Many were less familiar with my award-winning Arancini but, as soon as they sampled them, they were hooked. One customer, who originally came to me for cannoli was such a fan of the ham hock Arancini, she came back for a second and brought her whole family for a round too.
“You are the Arancini Boss” she told me. It’s a great compliment that I’m proud to accept.
I was so happy to receive such great feedback and I’m really looking forwards to my next confirmed event at the Longleat Food and Drink Festival on 24 June.
So get a date in your diary if you want to meet the Arancini Boss at Longleat where I’ll be selling my risotto balls and lots of other delicious Sicilian Street Food. The Festival is expecting thousands of people to come and James Martin and the Hairy Bikers will be the big name chefs in attendance.
I ‘cannoli’ hope I’ll see you there. If you can’t make it, why not call Claire to make a booking and treat your guests to a taste of Sicily, Somerset-style.
Sicilian Donkey (equus africanus asinus)
Our name – Sicilian Donkey – is a tribute to a rare breed miniature donkey. It used to thrive in Sicily and Sardinia but is now, nearly extinct in its native land. The Sicilian Donkey is a popular pet in North America and here in the UK.
Hen Party Chef
I work regularly as a Hen Party Chef. Hen Party groups contact me regularly to cater for hen nights or weekends. The bride to be and her friends come to the South West, where there are a lot of beautiful holiday lets in Bristol, Bath and Devon for a classy celebration.
You can book my services directly here, call Claire on 0756 555 2748 or via HungryChefs
Celebrate in style with a hen party chef
More and more hen party groups want to have a memorable occasion that allows them to celebrate in style. Often hen parties book luxury holiday apartments in Bath and Bristol and ask me to cater for them. Groups are often multi-generational so a good meal and a hen party chef experience appeals to young and old.
The cost of a hen party chef is great value for hen parties. By the time you have found a restaurant that will take a large party, booked the taxis, paid for your meal and drinks you will be spending a lot of money. As a hen party chef , I consult with you on a bespoke menu to suit your dietary preferences and budget. You can provide your own wine and cocktails and relax as I cook and clean up afterwards.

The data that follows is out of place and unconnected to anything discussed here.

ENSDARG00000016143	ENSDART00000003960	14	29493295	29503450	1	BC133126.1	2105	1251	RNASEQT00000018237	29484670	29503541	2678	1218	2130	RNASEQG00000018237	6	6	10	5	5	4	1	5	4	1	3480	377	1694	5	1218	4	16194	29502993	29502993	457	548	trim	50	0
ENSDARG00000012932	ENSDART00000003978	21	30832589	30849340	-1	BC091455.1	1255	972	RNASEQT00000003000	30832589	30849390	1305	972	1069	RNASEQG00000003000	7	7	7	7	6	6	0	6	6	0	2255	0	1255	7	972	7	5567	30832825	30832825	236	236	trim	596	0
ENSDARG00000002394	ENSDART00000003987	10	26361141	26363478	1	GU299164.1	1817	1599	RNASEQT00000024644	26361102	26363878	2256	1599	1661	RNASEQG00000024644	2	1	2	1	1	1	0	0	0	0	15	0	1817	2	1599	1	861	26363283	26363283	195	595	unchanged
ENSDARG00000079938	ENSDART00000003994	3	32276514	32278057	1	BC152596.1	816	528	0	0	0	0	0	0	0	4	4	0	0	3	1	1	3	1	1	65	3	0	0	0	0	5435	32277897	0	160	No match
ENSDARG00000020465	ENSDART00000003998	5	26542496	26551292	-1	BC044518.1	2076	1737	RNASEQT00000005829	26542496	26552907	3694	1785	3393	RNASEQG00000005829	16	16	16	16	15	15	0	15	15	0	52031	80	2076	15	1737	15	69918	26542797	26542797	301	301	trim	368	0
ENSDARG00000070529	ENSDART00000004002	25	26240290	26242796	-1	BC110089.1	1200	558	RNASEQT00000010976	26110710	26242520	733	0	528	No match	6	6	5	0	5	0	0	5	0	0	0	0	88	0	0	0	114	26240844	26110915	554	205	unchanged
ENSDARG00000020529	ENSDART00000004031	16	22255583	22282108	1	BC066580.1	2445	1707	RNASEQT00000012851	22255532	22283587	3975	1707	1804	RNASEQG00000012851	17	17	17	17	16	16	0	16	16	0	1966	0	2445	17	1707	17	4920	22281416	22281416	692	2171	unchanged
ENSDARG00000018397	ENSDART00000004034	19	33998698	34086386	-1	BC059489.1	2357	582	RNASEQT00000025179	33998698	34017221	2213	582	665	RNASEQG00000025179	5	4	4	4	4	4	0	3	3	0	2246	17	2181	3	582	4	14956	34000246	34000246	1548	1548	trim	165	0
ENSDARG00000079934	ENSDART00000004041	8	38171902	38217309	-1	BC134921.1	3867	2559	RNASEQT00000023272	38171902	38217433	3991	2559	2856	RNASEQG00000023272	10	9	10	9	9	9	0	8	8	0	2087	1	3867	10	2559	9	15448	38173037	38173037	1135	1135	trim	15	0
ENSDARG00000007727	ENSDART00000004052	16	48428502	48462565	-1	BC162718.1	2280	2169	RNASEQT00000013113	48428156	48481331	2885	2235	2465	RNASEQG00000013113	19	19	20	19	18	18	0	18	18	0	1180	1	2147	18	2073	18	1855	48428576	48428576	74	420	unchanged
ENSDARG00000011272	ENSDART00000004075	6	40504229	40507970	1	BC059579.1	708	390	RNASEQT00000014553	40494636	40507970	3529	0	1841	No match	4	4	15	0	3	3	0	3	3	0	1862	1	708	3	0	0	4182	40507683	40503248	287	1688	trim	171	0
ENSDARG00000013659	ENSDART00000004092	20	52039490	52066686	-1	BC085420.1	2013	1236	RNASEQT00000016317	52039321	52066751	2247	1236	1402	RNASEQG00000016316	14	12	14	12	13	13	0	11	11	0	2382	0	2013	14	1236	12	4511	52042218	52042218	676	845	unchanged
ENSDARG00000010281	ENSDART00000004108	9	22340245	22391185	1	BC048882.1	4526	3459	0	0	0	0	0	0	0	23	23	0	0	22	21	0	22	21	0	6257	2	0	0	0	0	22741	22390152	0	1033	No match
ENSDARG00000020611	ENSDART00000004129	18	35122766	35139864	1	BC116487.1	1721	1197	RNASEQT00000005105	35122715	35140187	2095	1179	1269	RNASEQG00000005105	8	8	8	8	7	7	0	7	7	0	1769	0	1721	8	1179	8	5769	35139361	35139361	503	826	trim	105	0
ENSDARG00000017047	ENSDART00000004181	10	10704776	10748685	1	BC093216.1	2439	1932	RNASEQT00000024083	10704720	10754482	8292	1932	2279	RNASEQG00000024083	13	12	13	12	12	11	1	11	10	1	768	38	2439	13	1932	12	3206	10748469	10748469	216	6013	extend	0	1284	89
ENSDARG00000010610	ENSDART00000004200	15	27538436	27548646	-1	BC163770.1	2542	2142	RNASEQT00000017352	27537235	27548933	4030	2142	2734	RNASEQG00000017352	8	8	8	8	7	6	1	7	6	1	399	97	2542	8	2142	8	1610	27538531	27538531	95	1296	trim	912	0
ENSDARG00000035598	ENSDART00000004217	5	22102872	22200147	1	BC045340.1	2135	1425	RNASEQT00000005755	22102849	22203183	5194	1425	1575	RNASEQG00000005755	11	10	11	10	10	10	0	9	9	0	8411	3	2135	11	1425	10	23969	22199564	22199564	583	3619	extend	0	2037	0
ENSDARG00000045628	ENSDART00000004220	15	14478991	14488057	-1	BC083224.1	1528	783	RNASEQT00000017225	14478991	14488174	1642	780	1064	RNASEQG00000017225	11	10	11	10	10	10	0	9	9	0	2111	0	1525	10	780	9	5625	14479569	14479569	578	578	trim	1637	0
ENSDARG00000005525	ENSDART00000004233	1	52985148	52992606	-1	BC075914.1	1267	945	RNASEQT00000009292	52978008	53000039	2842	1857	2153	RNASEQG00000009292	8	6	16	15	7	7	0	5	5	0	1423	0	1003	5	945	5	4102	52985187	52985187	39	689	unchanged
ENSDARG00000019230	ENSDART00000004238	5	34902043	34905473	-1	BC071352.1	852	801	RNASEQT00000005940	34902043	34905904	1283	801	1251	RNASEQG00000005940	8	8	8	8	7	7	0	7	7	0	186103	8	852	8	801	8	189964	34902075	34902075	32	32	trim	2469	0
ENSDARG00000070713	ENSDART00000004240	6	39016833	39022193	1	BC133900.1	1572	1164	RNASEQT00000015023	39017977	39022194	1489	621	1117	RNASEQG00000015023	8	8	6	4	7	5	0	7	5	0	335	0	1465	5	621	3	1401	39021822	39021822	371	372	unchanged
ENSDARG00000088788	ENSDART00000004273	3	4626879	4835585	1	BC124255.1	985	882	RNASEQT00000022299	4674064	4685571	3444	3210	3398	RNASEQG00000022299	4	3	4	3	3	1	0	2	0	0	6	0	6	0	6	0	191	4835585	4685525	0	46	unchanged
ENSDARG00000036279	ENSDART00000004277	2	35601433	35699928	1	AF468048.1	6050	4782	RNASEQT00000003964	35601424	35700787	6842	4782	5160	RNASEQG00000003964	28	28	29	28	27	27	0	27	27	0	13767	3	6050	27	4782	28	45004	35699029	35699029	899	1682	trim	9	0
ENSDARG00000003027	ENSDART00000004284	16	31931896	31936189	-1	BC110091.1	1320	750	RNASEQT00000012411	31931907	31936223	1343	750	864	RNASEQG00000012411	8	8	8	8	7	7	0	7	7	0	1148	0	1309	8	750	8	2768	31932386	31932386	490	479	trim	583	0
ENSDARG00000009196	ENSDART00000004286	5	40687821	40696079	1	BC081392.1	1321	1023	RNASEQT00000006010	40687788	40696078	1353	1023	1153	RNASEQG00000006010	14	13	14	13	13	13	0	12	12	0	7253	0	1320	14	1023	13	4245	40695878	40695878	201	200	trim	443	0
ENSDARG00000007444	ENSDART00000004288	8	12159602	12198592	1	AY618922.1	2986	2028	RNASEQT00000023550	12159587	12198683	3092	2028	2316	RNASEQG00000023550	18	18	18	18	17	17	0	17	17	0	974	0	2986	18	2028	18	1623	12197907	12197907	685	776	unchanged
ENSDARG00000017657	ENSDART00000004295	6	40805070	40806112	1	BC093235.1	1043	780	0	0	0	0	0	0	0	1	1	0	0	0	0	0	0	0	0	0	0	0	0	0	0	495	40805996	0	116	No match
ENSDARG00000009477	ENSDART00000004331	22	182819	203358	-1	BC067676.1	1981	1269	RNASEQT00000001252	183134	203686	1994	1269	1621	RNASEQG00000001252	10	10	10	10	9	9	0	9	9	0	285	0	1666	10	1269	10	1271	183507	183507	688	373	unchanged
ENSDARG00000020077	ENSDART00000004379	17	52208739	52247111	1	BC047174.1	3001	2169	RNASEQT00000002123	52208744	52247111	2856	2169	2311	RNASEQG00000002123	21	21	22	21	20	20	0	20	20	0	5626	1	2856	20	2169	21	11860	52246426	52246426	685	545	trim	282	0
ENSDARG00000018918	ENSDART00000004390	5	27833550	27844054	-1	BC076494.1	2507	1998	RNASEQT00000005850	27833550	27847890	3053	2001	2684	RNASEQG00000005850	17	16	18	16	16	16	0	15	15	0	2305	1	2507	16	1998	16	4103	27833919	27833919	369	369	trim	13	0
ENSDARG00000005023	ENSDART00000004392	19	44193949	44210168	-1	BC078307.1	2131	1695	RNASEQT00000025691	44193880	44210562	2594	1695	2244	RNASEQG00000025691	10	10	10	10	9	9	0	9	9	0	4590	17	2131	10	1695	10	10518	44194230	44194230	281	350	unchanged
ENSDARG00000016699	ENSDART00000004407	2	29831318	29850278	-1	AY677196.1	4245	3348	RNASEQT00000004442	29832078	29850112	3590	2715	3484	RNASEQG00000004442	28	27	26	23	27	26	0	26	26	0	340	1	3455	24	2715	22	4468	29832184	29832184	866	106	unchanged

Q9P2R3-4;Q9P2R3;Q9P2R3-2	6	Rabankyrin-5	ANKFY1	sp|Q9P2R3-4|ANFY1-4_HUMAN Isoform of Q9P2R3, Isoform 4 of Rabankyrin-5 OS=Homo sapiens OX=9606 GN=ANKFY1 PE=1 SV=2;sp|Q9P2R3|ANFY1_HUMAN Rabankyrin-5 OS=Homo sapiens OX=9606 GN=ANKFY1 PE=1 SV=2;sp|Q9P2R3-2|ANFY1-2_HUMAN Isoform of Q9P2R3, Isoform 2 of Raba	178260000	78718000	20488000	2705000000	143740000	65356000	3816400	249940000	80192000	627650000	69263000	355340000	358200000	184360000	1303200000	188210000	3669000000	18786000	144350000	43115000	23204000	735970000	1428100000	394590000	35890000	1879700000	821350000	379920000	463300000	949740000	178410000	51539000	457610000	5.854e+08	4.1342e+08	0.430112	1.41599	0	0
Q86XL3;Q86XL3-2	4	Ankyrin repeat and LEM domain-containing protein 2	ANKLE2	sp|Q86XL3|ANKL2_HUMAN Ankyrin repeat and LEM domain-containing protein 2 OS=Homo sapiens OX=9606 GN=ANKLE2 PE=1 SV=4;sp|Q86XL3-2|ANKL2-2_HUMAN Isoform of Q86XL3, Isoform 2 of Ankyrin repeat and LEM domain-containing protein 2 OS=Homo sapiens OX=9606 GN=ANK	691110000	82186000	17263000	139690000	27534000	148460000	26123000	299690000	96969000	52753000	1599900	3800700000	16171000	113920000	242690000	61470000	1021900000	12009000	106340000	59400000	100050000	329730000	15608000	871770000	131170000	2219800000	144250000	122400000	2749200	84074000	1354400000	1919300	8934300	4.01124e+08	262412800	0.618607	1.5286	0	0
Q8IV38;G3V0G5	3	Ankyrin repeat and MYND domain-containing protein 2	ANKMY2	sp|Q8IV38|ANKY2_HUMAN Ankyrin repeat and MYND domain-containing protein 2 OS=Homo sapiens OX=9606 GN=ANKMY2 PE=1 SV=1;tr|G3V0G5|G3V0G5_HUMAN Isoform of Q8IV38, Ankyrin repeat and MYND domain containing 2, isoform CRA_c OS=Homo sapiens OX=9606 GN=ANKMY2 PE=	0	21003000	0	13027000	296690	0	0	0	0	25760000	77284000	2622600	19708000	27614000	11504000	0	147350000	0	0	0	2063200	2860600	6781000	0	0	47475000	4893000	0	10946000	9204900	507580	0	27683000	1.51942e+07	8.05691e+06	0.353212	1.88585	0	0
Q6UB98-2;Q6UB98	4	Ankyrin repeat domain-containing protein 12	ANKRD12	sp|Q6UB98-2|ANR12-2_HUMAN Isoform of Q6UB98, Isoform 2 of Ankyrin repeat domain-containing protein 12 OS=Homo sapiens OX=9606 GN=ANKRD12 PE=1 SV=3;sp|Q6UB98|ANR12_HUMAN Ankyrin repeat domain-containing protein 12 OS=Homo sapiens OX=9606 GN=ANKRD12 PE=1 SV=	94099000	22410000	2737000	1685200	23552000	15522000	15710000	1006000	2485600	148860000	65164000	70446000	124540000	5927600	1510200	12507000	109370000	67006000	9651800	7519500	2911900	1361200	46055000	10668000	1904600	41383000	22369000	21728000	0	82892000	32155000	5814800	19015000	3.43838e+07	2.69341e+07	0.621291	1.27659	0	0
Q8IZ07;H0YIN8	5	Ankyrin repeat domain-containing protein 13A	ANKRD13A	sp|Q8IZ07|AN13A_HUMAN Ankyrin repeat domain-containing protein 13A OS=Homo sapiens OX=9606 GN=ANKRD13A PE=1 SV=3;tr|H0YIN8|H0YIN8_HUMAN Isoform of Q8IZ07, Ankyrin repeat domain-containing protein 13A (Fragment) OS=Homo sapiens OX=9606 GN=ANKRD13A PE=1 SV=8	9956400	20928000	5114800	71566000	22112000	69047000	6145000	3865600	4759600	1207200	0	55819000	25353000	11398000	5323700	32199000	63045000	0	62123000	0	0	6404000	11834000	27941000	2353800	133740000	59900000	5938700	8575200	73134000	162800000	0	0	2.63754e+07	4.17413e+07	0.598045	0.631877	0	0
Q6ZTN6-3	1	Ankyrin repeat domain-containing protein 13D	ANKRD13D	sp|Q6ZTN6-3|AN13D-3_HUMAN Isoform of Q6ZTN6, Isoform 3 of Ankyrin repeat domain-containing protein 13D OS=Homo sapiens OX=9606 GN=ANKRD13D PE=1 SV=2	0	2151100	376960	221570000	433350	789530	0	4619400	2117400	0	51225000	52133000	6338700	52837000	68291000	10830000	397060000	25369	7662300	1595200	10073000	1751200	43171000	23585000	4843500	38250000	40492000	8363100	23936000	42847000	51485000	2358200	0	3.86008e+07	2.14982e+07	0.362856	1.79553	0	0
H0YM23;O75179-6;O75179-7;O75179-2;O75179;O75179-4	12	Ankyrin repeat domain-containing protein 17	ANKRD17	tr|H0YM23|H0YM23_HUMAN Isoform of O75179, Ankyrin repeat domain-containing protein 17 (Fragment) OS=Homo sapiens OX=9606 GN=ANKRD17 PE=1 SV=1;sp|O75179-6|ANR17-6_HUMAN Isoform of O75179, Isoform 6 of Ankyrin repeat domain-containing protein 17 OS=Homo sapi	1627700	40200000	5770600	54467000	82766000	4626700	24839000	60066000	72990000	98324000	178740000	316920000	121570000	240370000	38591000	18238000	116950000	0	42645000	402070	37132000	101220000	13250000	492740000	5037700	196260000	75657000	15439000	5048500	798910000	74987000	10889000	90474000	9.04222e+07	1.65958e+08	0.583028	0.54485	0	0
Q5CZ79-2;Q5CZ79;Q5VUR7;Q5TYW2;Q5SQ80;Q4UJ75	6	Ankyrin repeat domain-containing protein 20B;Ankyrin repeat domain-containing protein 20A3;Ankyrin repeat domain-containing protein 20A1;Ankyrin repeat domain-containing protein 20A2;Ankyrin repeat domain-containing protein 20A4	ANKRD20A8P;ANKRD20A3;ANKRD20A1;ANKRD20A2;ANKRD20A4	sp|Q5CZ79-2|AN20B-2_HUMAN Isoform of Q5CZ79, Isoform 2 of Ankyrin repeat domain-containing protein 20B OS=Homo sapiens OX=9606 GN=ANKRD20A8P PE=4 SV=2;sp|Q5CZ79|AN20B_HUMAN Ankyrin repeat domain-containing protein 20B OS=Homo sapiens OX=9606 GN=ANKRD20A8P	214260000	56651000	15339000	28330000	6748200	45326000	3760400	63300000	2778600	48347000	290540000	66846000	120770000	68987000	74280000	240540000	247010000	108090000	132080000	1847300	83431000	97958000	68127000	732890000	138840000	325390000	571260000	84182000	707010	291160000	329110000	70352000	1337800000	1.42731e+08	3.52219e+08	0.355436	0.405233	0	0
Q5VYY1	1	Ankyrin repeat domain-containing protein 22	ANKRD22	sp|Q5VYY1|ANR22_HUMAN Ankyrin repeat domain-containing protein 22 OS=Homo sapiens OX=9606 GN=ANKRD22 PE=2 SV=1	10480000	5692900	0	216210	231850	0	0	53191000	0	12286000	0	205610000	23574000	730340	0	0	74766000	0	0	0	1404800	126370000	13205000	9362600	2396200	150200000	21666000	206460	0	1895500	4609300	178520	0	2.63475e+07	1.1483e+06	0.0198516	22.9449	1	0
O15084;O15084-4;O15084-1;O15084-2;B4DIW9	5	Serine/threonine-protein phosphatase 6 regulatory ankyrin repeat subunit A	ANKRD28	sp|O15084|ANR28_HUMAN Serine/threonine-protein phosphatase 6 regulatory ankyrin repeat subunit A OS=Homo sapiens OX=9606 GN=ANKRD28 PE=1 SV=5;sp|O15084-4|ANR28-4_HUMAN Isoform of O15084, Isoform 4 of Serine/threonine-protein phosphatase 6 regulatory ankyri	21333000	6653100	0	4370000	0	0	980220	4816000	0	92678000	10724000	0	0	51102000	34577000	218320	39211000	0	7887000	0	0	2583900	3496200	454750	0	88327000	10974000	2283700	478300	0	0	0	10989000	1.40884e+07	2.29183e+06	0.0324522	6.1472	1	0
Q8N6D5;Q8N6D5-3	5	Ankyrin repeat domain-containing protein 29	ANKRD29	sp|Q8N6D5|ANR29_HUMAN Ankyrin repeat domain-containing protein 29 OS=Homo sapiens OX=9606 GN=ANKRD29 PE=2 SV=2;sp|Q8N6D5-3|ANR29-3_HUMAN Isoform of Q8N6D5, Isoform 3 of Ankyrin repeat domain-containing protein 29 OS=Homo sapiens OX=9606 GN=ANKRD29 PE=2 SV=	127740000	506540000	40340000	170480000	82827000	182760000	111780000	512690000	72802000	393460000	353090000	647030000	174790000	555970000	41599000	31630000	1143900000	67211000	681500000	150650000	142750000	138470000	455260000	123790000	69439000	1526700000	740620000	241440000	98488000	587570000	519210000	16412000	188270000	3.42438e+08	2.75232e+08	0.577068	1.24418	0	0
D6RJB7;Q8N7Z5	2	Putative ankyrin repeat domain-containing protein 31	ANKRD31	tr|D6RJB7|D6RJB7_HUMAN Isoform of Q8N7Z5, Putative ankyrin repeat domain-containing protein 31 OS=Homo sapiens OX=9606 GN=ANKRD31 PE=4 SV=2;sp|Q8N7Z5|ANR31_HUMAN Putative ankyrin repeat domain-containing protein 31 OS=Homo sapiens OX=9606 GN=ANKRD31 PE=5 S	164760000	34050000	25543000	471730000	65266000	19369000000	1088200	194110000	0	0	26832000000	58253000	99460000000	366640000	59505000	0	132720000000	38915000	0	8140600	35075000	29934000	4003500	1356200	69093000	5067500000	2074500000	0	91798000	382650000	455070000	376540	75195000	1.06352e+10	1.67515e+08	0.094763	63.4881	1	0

Sample Hen Party Chef’s Menu (£55 per head min. 6 covers)
Chef choices of 3 fish canapés per person
Sicilian style stuffed squid braised in a tomato and black olives sauce served with split peas purée and crispy courgettes
Salt cod mousse red pepper grilled polenta and chives oil
Sea bass and prawns ravioli in a mussels broth with sea beet
N’duia (Calabrian sausage) crusted monkfish, cannellini beans stew and tempura monkfish cheek.
Coffee and chocolate Mille-feuille hazelnut ice cream
Lemon and mascarpone cannoli with raspberry ice cream
Mantecato di Baccalà
Serves 6 as a starter/12 – 18 cicchetti
Baccalà is dried salt cod soaked and infused until it becomes soft and flaky before being whisked into a cream with a slow trickle of olive oil.
Prep begins 2 days before you want to serve the crostini. Put your salt cod in a large container of cold water. Leave it to soak for at least 48 hours, changing the water as often as possible to remove the majority of the salt.
1kg salt cod
– soaked in frequently-changed water for 48 hours before preparation.
150 ml full fat milk
350 ml water
2 bay leaves
Sprig of thyme
4 whole black peppercorns
4 cloves of garlic, crushed
Juice of half a lemon
1 tablespoon chopped parsley
1 small white onion quartered
200ml of extra virgin olive oil.
Crostini – 2 – 3 per person.
To make uour own crostini, bake thin rounds of baguette (regular or sourdough) in the oven until crispy.
Put the water, milk, onions, garlic, bay leaves, thyme, peppercorns and rehydrated cod in a deep can. Ensure the cod is completely covered by the liquid.
Bring to boil over a moderate heat, simmer for 5 minutes. Remove from heat and leave to infuse for 15 minutes. Drain the cod reserving 2-4 tablespoons of the liquid for later use.
Clean the cod removing skin and any bones – the cod should flake and be nice and soft.
Put the cleaned cod in large bowl with the juice of half a lemon, a couple of tablespoons of the poaching liquid to loosen it up and add the chopped parsley.
Using an electric handwhisk (do not blend as the misture will lose texture and become like a paste) slowly add the oil as you would with mayonnaise. The fish will increase in size and become creamy and fluffy.
Season to taste with black pepper and salt if needed. Spread the Baccalà on warm crostini and serve with a thin wedge of lemon.
Salt Cod Heaven